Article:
Entertainment » Theatre

Cirque du Soleil 'Corteo'

by Jenny Block
EDGE Media Network Contributor
Monday Mar 12, 2018
A scene from "Corteo."
A scene from "Corteo."  

Cirque du Soleil "Corteo," like all of their sublime pieces, is a study in the impossible made possible. In just one evening, in the dark and quiet of Houston's Toyota Center, angels that look like they were plucked from a Victorian Christmas card hung in the air; tiny performers bumbled a comedic showing of "Romeo and Juliet;" a clown dreamed of his own funeral; magnificent music was played; and the most marvelous of feats were performed at heights and speeds and with props and skills that left the audience reeling.

Cirque is known for creating dreamlike images and breathing them to life onstage. Stories are told and mysteries are unraveled, all the while audiences are thrilled and moved and awed by what is unfolding before them. Attending Cirque is like walking through a dream, which is particularly apropos for "Corteo," since it reveals the tale of a majestic clown dreaming of his own funeral.

It is a magnificent dream. The four loves of the clown's life open the show with beautiful and mind-bending aerial acrobatics on chandeliers that swing from the ceiling high above. The performers are pure grace and strength and the audience could not stop "oohing" and "ahhing" front start to finish. It was impossible to take your eyes off the incredibly skilled women who moved amidst the lights as if they were dancing on solid ground.


A scene from "Corteo."  

From there the show takes off like a shot. Acrobats bounce on two 600-pound beds and artists whirl and climb on giant Cyr wheels, both seeming to define gravity and the limits of the human body. Then, French artist Stephanie Ortega took the stage, flying through the air on a suspended pole, creating the most magical shapes with her body. So strong and so graceful, she made it look as if she was doing nothing more than dancing though instead she was quite literally flying through the air.

The magic continues with a live marionette who plays ball on the "beach" with the clown and a hula hooper who manages more hoops on her body than one can follow with the eye. Then Hungarian artist Anita Szentes, the Clowness, who is a little person, floats onto the stage held in the air by giant balloons. The clown joyfully pushes her into the air and then out in the audience who, in turn, push her eventually back to the stage. It was the loveliest, sweetest interlude amidst all of the high drama acts.

Artists perform on the teeterboard, on a trampoline net, on crystal glasses and bowls, and with so many juggling pins you are sure one will fall and yet never does. Ukrainian performer Slava Pereviazko climbs a ladder that is connected to nothing and manages to jump and play and flip on it as if it was grounded in concrete. Ariel strap performers and then horizontal bar experts conclude the show with two more acts that kept the audience from breathing and then left them cheering. Each scene was mesmerizing, impossible to do and yet blissfully and expertly done.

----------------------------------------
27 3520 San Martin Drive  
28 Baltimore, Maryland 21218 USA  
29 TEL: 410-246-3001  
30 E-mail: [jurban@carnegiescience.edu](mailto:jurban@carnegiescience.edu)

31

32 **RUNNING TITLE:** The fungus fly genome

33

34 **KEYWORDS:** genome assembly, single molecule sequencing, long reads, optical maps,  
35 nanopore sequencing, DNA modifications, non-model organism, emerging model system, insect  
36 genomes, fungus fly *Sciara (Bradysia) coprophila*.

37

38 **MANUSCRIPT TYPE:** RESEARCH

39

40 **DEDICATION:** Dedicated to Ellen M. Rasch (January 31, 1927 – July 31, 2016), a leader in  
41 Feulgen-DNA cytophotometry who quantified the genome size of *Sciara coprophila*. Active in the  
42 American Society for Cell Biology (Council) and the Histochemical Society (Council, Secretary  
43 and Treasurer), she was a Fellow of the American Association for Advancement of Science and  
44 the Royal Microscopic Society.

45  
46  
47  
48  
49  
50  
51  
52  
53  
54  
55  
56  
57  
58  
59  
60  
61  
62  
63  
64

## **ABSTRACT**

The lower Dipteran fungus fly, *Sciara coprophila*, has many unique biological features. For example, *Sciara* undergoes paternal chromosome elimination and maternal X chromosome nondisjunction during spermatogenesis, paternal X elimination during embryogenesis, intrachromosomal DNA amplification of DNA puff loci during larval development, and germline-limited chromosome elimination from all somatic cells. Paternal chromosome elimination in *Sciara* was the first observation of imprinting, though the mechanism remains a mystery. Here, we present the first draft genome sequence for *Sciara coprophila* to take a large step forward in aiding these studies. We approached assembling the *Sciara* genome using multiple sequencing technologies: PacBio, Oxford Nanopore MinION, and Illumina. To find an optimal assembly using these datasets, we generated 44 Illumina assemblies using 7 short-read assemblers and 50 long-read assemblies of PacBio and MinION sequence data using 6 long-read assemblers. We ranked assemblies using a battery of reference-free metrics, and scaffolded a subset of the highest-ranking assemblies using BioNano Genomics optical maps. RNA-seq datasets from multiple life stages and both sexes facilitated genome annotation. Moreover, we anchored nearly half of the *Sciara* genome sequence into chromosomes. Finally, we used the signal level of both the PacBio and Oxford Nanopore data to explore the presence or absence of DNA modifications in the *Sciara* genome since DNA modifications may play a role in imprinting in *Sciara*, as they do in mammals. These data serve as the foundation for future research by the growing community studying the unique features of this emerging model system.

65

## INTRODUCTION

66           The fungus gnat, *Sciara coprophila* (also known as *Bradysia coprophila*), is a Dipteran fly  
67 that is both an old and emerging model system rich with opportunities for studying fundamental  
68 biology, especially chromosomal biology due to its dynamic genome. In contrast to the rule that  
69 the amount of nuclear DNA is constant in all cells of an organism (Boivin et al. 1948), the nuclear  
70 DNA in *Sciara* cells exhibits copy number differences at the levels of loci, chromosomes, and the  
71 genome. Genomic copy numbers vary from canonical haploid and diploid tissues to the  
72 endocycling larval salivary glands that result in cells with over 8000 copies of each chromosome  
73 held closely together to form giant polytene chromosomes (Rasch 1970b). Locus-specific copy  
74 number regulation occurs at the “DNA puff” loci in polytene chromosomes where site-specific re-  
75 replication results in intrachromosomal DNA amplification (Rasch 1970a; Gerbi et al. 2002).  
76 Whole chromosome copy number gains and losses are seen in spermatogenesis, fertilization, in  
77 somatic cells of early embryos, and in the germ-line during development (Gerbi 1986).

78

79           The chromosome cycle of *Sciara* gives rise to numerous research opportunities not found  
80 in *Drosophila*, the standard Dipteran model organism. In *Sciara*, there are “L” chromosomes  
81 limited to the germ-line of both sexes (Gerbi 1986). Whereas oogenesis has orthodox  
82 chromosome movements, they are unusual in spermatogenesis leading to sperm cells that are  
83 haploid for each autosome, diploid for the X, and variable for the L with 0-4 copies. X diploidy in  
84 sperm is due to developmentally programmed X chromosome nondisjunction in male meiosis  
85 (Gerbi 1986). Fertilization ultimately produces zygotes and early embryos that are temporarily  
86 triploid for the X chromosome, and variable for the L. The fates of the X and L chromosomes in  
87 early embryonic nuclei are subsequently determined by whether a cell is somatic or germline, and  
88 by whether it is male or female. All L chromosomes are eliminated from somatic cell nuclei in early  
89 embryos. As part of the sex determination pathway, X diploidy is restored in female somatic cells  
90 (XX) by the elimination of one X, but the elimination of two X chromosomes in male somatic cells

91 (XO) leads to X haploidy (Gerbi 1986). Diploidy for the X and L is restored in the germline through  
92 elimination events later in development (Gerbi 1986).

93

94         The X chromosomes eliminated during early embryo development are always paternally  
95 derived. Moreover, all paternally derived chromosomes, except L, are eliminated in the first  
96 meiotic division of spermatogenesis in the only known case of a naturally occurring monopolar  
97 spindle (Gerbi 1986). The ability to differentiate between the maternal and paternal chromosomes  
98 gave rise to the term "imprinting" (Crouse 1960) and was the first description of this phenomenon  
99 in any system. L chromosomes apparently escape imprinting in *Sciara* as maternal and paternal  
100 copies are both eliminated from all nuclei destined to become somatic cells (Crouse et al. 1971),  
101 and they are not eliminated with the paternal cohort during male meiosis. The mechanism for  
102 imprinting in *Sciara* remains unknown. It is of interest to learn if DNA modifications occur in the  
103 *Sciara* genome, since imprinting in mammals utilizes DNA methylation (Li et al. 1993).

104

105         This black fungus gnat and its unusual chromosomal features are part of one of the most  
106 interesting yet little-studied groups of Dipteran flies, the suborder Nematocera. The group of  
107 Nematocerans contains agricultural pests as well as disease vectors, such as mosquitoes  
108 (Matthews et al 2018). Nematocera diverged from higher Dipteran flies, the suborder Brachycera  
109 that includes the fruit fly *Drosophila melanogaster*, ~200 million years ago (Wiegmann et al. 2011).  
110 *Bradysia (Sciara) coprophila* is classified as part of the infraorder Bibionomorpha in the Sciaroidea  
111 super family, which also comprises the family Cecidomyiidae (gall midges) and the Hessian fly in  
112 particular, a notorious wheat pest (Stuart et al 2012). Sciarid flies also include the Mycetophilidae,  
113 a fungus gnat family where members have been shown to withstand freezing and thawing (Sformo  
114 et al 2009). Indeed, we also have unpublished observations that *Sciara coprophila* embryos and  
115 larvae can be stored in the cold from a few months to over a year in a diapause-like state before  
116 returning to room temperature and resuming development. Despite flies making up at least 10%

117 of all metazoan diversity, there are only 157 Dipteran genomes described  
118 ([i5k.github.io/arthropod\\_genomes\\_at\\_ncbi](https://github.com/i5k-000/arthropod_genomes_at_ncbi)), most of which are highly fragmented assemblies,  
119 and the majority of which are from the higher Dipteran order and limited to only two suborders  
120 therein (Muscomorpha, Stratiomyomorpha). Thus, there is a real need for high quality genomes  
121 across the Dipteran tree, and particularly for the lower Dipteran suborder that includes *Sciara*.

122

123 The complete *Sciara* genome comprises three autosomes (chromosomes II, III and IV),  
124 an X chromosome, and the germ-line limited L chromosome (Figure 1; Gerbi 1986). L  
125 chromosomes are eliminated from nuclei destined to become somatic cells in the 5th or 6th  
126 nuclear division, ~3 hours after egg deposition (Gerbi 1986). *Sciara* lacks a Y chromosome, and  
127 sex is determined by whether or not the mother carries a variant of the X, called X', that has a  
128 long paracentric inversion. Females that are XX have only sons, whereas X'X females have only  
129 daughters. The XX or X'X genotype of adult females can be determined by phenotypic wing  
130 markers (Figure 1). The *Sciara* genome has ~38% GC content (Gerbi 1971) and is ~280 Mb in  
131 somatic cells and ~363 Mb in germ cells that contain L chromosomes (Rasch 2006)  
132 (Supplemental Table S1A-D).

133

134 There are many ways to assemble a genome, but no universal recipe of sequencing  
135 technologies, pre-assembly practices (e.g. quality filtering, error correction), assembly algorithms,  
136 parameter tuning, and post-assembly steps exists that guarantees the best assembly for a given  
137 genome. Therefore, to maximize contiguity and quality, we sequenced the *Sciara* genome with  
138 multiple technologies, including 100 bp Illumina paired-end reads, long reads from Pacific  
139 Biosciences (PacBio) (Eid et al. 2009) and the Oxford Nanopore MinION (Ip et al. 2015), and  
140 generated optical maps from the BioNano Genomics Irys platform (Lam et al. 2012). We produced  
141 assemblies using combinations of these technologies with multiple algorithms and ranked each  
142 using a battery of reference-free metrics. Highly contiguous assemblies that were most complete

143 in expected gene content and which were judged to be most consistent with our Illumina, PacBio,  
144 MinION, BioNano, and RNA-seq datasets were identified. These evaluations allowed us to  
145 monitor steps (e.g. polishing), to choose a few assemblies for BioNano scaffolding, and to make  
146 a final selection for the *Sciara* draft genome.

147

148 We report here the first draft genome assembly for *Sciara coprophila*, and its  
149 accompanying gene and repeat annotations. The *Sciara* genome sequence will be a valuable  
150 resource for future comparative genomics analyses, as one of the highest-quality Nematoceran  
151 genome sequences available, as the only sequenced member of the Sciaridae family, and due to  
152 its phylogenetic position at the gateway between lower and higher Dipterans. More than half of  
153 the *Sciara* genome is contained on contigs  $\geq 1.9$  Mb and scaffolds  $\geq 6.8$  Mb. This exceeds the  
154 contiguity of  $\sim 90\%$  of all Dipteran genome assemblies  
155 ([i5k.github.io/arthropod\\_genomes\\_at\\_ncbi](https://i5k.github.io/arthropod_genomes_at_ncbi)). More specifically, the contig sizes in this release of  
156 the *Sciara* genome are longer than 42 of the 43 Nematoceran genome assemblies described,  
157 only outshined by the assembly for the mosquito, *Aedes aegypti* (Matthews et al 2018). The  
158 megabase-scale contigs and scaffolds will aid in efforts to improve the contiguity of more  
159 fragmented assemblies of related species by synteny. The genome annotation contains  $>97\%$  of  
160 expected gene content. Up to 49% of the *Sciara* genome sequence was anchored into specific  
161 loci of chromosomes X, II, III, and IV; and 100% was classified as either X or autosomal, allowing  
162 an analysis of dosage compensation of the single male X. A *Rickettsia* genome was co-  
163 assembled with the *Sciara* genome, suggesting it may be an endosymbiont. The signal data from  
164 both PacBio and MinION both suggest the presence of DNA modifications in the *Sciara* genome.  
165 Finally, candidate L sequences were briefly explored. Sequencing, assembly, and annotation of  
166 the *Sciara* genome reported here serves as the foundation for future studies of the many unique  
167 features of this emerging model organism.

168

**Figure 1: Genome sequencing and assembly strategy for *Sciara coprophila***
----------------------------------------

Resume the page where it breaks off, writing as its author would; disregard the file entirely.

A scene from "Corteo."  

The show is led by American artist Sean Lomax who says he was raised on "The Sound of Music" and only stopped whistling when the adults made him. His whistling performance in the show was more akin to opera then whistling a happy tune, so melodic and expert that one can hardly believe it was a person - rather than an instrument - making the luscious sounds. The cast is rounded out by Italian performer Mauro Mozzani as the Dreamer Clown; Argentinian Victorino Lujan, who stands just shy of seven feet and weighs about 400 pounds, as the Giant Clown; Ukranian Inna Teslenko as the Little Angel; Brazilian Marcelo Perna as the White Clown; Ukranian Viktor Sovpenets, also a little person, as the Little Clown; and KazakhstaniAlexandr Yudintsev as the August Clown.

One would be remiss not to mention the outstanding musicians, band leader Roger Hewet from the UK; violinisit St├ęphane Allard from Canada; bass/contrabass player Robert Brennan from the US; singer Alain Labrie from Canada; sax player and keyboardist Philippe Poirier from Canada; drum player/percussionist Alexandre Reis from Brazil; and guitar and accordion player Eve Willwems from Belgium. Their incredible talent and the enchanting score weave the backdrop and hold the mood for this spell-binding show.

Cirque du Soleil never disappoints. It is always reimagining. It is always reinventing. It is always revisiting what we see as impossible and making it all possible if only for one magical moment with time stops and the Cirque is the thing.

Cirque du Soleil "Corteo" ran March 8-11 at the Toyota Center, 1510 Polk St, Houston, TX 77002, Call 866-446-8849 or visit http://www.houstontoyotacenter.com for tickets to future events. For more on "Corteo," including upcoming dates, visit this website.


Jenny Block is a Dallas based freelance writer and the author of "Open: Love, Sex, and Life in an Open Marriage" (Seal Press, June 2008). Block’s work has appeared in Cosmopolitan (Germany), USA Today, American Way, BeE, bRILLIANT, the Dallas Morning News, D, Pointe, and Virginia Living, as well as on huffingtonpost.com, yourtango.com, and ellegirl.com. You can also find her work in the books "It’s a Girl" (Seal Press, March 2006, ed. Andrea J. Buchanan) and "One Big Happy Family" (Riverhead Press, February 2009, Rebecca Walker, ed.).


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